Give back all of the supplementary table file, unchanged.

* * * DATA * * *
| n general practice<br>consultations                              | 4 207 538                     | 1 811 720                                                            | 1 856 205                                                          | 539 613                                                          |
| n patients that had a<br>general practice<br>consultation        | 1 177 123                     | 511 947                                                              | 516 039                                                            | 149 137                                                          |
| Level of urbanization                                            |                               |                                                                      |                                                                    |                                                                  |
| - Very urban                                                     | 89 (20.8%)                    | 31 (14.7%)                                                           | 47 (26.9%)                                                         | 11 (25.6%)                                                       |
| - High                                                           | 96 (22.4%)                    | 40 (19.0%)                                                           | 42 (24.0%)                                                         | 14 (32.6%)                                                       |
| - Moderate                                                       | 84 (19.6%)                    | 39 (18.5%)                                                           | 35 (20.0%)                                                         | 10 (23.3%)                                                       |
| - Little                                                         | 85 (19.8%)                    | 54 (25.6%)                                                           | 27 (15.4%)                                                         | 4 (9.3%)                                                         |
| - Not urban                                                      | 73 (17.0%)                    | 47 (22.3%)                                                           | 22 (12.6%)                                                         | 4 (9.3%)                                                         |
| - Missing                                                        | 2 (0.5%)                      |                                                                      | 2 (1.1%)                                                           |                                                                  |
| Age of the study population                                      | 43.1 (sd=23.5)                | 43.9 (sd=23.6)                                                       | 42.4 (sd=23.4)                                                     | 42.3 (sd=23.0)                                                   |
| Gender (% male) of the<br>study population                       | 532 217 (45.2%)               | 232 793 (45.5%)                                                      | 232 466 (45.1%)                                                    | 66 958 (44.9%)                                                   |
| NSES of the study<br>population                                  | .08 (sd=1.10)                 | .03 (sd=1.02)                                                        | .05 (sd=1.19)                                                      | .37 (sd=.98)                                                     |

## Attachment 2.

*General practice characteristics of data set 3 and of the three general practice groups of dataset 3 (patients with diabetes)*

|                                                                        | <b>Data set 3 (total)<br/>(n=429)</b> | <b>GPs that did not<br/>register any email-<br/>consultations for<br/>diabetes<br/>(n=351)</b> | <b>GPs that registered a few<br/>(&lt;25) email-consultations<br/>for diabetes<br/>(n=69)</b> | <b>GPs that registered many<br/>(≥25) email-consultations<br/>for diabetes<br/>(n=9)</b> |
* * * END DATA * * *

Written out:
| n general practice<br>consultations                              | 4 207 538                     | 1 811 720                                                            | 1 856 205                                                          | 539 613                                                          |
| n patients that had a<br>general practice<br>consultation        | 1 177 123                     | 511 947                                                              | 516 039                                                            | 149 137                                                          |
| Level of urbanization                                            |                               |                                                                      |                                                                    |                                                                  |
| - Very urban                                                     | 89 (20.8%)                    | 31 (14.7%)                                                           | 47 (26.9%)                                                         | 11 (25.6%)                                                       |
| - High                                                           | 96 (22.4%)                    | 40 (19.0%)                                                           | 42 (24.0%)                                                         | 14 (32.6%)                                                       |
| - Moderate                                                       | 84 (19.6%)                    | 39 (18.5%)                                                           | 35 (20.0%)                                                         | 10 (23.3%)                                                       |
| - Little                                                         | 85 (19.8%)                    | 54 (25.6%)                                                           | 27 (15.4%)                                                         | 4 (9.3%)                                                         |
| - Not urban                                                      | 73 (17.0%)                    | 47 (22.3%)                                                           | 22 (12.6%)                                                         | 4 (9.3%)                                                         |
| - Missing                                                        | 2 (0.5%)                      |                                                                      | 2 (1.1%)                                                           |                                                                  |
| Age of the study population                                      | 43.1 (sd=23.5)                | 43.9 (sd=23.6)                                                       | 42.4 (sd=23.4)                                                     | 42.3 (sd=23.0)                                                   |
| Gender (% male) of the<br>study population                       | 532 217 (45.2%)               | 232 793 (45.5%)                                                      | 232 466 (45.1%)                                                    | 66 958 (44.9%)                                                   |
| NSES of the study<br>population                                  | .08 (sd=1.10)                 | .03 (sd=1.02)                                                        | .05 (sd=1.19)                                                      | .37 (sd=.98)                                                     |

## Attachment 2.

*General practice characteristics of data set 3 and of the three general practice groups of dataset 3 (patients with diabetes)*

|                                                                        | <b>Data set 3 (total)<br/>(n=429)</b> | <b>GPs that did not<br/>register any email-<br/>consultations for<br/>diabetes<br/>(n=351)</b> | <b>GPs that registered a few<br/>(&lt;25) email-consultations<br/>for diabetes<br/>(n=69)</b> | <b>GPs that registered many<br/>(≥25) email-consultations<br/>for diabetes<br/>(n=9)</b> |